The most visible symbol of Sewickley, Pennsylvania, is a bridge over the Ohio River. Since 1911, people have gained access to the south side of the river by means of a bridge on the same spot.
However, what is visible to the eye today as traffic travels from Sewickley to Coraopolis and Moon Township, and to the Greater Pittsburgh Airport beyond, is not the original span. Worn out by an increasing heavier load of traffic and weathered by successively rugged winters in the late 1970s, Sewickley Bridge I was closed to traffic permanently on May 14, 1980.
As inconvenient as the 17-month downtime between the earlier span and its replacement was, there was cause for rejoicing that a new bridge would ensure a quick way to the other side well into the 21st century.
There was also a feeling of pride on the part of the citizenry in having secured, against bureaucratic resistance, the promise of a replacement span. The Committee to Save the Sewickley Bridge had done its work well in persistently charting a course through layers of government on the county, state and federal levels to secure funding of $16.4 million for the new structure.
Chairman of the Committee to Save the Sewickley Bridge was John R. Simpson of Sewickley. Spearheading the campaign through the bureaucratic maze was Gloria G. Berry of Edgeworth. Marvin M. Wedeen, vice chairman of CSSB, was a charter organizer.
Dismantling of the old structure and construction of the new was completed by U.S. Steel's American Bridge Division, Ambridge, Pa.
Designer was Richardson, Gordon & Associates, Pittsburgh; general contractor and steel erector: American Bridge Division, U.S. Steel Corp., Pittsburgh; steel fabricator was U.S. Steel Fabrication, Ambridge.
The new bridge opened on October 21, 1981, with Governor of Pennsylvania Richard L. Thornburgh presiding over the ceremony. Citizens from Sewickley, Coraopolis and surrounding communities cheered as the ribbon was cut on a brilliant fall day.
The new bridge, like the old, is 1,850 feet long. It includes two, 12-foot-wide lanes with four-foot shoulders and a five-foot pedestrian walkway. The piers of Bridge I were capped and modified for the wider, new span.
Sewickley Bridge II was named 1982 Prize Bridge (Long Span Category) by the American Institute of Steel Construction. It was the last span to be built by U. S. Steel's American Bridge Division.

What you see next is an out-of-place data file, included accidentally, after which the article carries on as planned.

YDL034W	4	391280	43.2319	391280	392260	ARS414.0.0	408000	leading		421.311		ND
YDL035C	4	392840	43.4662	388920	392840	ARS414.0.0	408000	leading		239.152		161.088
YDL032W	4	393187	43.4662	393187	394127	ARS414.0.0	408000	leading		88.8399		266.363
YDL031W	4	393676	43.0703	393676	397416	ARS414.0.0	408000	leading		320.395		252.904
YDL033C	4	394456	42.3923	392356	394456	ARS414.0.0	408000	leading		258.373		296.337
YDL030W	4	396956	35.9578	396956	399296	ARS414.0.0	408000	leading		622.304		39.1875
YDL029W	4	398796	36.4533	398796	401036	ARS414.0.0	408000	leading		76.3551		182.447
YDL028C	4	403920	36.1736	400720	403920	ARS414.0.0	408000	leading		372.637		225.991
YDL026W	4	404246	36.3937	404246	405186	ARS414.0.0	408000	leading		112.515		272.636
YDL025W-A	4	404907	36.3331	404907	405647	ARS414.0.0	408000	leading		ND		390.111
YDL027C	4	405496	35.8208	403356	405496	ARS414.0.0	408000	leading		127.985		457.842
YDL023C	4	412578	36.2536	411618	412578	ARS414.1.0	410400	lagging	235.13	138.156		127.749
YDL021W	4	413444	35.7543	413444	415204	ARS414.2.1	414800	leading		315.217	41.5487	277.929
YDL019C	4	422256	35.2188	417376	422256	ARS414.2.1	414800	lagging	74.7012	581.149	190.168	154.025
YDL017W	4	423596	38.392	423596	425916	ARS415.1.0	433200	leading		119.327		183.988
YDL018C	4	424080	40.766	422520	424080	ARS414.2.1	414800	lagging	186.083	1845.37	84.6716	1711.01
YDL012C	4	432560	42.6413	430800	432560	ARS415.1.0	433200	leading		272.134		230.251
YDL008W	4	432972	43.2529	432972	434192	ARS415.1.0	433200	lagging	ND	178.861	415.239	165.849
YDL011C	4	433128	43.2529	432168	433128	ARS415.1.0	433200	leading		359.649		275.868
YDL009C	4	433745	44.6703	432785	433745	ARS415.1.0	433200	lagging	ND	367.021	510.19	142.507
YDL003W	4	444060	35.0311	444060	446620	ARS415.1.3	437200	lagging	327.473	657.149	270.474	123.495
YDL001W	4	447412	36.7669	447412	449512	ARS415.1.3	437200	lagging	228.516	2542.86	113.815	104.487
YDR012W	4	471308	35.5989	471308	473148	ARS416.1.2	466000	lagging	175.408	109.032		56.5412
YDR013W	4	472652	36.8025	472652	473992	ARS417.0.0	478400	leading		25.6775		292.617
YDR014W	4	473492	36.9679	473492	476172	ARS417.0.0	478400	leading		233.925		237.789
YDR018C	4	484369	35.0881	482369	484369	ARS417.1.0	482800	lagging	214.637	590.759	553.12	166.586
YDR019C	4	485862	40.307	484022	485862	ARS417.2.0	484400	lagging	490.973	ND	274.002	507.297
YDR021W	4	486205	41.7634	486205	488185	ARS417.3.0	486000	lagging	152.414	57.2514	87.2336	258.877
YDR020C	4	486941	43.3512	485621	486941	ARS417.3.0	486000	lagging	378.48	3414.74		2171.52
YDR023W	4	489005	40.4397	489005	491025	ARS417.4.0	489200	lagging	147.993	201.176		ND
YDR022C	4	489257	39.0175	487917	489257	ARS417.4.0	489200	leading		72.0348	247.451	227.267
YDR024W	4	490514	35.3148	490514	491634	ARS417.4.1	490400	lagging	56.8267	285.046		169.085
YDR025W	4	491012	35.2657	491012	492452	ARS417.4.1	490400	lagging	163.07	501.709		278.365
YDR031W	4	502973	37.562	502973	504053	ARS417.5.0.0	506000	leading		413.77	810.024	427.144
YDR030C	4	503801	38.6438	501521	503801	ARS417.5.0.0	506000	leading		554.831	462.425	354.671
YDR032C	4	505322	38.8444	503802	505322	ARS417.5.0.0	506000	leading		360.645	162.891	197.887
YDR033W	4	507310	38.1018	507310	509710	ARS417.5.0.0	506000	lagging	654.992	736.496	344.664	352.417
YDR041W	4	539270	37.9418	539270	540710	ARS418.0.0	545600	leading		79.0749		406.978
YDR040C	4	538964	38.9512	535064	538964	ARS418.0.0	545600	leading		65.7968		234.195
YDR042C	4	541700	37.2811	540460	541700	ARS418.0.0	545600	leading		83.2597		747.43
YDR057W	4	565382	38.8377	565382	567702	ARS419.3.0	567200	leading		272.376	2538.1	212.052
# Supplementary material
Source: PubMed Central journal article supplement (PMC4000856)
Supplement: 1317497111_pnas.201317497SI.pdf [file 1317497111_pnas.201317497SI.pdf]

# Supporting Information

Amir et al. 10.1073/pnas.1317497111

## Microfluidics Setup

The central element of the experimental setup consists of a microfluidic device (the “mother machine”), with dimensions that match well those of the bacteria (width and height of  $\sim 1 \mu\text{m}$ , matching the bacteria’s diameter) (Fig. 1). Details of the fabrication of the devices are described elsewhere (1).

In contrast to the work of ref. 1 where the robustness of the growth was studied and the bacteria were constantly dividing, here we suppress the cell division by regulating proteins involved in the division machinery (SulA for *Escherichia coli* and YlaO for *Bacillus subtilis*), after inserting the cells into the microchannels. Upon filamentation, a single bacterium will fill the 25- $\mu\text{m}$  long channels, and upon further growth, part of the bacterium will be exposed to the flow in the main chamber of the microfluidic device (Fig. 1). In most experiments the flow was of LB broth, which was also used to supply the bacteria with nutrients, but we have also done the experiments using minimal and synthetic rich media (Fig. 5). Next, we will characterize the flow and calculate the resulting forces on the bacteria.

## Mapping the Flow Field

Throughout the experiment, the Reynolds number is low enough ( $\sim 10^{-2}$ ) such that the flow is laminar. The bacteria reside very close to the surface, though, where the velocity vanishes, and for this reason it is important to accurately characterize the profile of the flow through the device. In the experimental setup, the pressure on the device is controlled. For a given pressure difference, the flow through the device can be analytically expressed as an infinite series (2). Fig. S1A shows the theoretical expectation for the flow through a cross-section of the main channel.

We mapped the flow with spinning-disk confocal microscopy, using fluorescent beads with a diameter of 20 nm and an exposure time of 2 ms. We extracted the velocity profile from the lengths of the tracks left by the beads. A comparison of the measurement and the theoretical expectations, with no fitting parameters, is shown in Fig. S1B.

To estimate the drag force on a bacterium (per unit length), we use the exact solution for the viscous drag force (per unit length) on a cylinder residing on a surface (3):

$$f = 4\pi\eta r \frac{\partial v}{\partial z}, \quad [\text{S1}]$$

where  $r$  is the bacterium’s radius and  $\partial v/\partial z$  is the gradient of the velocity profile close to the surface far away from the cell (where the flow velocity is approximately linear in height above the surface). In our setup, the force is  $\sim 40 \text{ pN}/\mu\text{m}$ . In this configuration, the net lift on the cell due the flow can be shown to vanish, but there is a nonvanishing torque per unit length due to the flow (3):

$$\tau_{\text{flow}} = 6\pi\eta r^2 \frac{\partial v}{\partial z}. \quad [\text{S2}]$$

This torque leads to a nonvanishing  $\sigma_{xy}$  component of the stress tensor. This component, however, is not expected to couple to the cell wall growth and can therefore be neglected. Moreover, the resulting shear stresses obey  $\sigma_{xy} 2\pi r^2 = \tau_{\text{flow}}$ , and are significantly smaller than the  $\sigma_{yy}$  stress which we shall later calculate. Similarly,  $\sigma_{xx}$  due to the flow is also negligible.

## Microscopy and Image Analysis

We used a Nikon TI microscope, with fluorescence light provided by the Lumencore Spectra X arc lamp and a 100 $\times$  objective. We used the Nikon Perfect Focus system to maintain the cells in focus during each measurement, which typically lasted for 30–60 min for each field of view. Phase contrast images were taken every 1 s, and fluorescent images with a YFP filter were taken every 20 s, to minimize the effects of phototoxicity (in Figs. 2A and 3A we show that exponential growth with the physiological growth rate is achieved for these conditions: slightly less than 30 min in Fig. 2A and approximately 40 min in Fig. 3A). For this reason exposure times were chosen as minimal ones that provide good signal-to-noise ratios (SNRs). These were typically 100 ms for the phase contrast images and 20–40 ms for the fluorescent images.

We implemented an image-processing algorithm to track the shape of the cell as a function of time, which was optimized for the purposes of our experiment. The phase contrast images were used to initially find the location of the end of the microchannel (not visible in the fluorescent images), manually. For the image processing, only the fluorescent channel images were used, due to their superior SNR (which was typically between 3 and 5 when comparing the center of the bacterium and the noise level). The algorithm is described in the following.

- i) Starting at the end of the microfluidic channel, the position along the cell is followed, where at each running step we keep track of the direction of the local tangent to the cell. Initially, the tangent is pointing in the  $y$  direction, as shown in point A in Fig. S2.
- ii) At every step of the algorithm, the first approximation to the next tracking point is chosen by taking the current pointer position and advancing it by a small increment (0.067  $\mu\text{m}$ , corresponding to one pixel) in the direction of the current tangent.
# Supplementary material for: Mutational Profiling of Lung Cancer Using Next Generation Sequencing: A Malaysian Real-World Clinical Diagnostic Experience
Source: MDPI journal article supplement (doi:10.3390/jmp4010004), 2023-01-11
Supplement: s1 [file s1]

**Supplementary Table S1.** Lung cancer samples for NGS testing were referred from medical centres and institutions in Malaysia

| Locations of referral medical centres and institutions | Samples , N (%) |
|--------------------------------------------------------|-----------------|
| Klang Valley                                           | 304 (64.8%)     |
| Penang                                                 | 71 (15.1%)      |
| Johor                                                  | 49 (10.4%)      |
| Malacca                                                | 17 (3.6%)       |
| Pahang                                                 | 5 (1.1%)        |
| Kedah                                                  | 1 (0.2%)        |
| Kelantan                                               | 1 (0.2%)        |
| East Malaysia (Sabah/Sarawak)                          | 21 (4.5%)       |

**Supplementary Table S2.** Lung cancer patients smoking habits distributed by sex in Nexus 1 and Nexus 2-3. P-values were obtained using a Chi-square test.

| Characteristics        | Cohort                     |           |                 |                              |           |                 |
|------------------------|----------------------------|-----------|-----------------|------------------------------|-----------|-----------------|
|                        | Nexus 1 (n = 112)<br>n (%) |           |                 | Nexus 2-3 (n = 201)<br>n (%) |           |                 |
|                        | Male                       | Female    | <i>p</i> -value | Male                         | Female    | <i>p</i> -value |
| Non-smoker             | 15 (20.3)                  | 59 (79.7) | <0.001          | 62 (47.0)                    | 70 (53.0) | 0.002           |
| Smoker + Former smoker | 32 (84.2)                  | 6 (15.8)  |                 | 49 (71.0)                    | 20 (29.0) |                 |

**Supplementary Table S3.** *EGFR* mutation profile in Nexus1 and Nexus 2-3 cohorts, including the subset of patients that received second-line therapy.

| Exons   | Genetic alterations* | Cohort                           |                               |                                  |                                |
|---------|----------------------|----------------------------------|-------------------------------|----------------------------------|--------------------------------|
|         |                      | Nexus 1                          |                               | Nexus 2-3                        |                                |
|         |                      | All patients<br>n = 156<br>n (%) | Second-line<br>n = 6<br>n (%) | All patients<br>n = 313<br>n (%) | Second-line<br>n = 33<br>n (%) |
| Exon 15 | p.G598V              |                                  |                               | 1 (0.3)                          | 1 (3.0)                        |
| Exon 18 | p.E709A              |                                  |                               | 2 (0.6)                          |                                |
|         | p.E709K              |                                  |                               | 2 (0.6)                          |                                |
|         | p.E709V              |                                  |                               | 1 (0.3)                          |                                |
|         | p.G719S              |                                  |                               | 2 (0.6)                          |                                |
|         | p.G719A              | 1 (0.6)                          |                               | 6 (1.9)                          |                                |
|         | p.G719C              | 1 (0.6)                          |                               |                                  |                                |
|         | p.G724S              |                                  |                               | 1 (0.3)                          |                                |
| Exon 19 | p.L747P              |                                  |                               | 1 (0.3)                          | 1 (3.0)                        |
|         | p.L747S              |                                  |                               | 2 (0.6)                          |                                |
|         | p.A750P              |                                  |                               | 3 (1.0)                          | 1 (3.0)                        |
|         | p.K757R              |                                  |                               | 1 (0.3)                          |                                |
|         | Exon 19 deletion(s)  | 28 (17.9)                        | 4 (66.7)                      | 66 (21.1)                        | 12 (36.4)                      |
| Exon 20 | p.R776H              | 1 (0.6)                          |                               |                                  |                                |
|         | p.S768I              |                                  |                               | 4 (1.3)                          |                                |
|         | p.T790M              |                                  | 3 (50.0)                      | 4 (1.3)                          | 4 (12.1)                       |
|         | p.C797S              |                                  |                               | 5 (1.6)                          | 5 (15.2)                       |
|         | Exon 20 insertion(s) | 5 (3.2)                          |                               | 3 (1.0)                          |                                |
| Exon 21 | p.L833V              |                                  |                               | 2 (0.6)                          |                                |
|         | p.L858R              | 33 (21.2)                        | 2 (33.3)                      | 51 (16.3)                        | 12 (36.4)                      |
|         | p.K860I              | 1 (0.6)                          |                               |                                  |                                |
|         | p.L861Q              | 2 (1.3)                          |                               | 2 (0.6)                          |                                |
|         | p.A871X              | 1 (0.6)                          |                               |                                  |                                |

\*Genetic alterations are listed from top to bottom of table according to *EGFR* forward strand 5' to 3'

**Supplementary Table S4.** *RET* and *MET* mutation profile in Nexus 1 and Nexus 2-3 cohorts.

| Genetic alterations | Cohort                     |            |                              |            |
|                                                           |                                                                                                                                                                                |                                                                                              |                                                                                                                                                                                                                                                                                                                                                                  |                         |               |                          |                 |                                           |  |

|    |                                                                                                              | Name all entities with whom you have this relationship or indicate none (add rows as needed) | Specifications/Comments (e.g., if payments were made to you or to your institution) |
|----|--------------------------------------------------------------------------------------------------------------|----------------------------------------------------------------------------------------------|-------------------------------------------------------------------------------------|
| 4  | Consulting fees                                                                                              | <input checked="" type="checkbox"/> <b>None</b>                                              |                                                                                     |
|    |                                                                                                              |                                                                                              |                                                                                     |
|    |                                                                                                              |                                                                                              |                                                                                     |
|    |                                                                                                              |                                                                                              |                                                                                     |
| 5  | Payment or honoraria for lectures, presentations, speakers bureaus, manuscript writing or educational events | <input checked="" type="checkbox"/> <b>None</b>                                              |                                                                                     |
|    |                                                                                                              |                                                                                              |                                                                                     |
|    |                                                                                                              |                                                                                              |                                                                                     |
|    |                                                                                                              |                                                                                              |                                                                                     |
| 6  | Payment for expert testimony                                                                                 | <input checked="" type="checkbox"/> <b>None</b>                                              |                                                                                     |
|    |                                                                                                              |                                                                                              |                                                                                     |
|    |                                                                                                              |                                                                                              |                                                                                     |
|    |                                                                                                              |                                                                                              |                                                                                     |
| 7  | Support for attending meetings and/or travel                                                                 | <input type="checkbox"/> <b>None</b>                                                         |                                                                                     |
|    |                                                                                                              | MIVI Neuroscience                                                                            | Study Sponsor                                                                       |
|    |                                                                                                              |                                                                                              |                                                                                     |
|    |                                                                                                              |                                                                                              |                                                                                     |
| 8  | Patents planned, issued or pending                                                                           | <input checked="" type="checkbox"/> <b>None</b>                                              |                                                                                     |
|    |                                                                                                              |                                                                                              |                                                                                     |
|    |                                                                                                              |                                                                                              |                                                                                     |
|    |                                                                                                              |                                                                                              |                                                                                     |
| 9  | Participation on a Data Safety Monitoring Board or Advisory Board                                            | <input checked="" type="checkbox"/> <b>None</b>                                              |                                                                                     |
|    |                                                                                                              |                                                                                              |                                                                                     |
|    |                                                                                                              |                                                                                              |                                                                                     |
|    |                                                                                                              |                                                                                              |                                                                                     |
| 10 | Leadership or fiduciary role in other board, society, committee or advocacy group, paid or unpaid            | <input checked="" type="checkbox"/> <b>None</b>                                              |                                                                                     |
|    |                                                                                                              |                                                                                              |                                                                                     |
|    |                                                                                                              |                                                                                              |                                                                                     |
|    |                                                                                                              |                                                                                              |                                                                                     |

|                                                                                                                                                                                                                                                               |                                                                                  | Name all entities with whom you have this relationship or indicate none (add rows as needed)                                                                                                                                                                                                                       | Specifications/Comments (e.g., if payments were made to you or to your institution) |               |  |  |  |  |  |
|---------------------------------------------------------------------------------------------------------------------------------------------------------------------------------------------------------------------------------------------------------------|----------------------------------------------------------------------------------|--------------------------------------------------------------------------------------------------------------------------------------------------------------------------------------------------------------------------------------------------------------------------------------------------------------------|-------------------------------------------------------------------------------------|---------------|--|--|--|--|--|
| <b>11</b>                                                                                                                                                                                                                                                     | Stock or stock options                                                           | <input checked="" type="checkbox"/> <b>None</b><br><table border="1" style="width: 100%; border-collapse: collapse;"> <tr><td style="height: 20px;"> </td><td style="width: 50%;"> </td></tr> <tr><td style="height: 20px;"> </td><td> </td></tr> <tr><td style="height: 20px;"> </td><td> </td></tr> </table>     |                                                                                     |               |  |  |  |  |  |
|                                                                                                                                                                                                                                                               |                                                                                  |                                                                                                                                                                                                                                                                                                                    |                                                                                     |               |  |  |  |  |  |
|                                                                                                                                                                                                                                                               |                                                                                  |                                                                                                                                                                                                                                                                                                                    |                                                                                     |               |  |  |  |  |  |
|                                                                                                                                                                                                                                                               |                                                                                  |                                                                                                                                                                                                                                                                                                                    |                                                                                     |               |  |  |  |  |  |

In dismantling the 68-year-old original structure, American Bridge lowered the 350-foot long center span in one section on July 9, 1980. With spectators present on both sides of the river, the center was lowered with blocks and wire rope by means of two large hoists placed on the bridge deck, one near each of the two river piers.
American Bridge installed two falsework bents (temporary supports) to balance the bridge once the center span was removed. The bents, one on each side, could be jacked up to relieve the load on the pier at the end of the bridge truss as demolition progressed.
Like its successor, Sewickley Bridge I was a prizewinner of sorts, recognized in The World Almanac and Book of Facts as one of the ten outstanding cantilever spans in the United States. It, too, had been a citizens' effort.
On November 24, 1894, the first impetus for a free bridge over the Ohio River between Sewickley and Coraopolis was manifested at a public meeting. Ezra P. Young was appointed chairman; Gilbert A. Hays, secretary. Public subscriptions were collected.
A petition was presented to Judge J. W. F. White of the Allegheny County Common Pleas Court, after which viewers were appointed to meet at the proposed site on July 16, 1895. Approval came later the same year on December 17.
Government engineers were appointed by the Honorable William H. Taft, then Secretary of War, on June 28, 1907. A building permit for the great structure was issued by Secretary Taft on February 6, 1908. This gave unanimous assurance that the United States War Department, which had held the matter up, now approved of construction.
The contract was awarded to the Adam Laidlaw Company for the masonry work on July 2, 1909. Cost was $98,907. On the same day, Fort Pitt Bridge Co. was awarded the contract for the superstructure at $372,400. Time limit for completion was set for November 30, 1910. County engineer was J. G Chalfant.
Groundbreaking ceremonies took place-on both sides of the river on July 21, 1909. The bridge was formally opened and dedicated to public use September 19, 1911. It was followed from September 20-23 by the grandest celebration in the history of Sewickley.
A poster especially designed for the bridge opening was commissioned from Sewickley artist Audley Nicols (1875-1941). The popularity of the poster design, featuring three Indians marveling over the new span from the Coraopolis side, became a symbol of the town of Sewickley. It is also used as the motif of the Sewickley Valley Historical Society.
B. G. Y. S.
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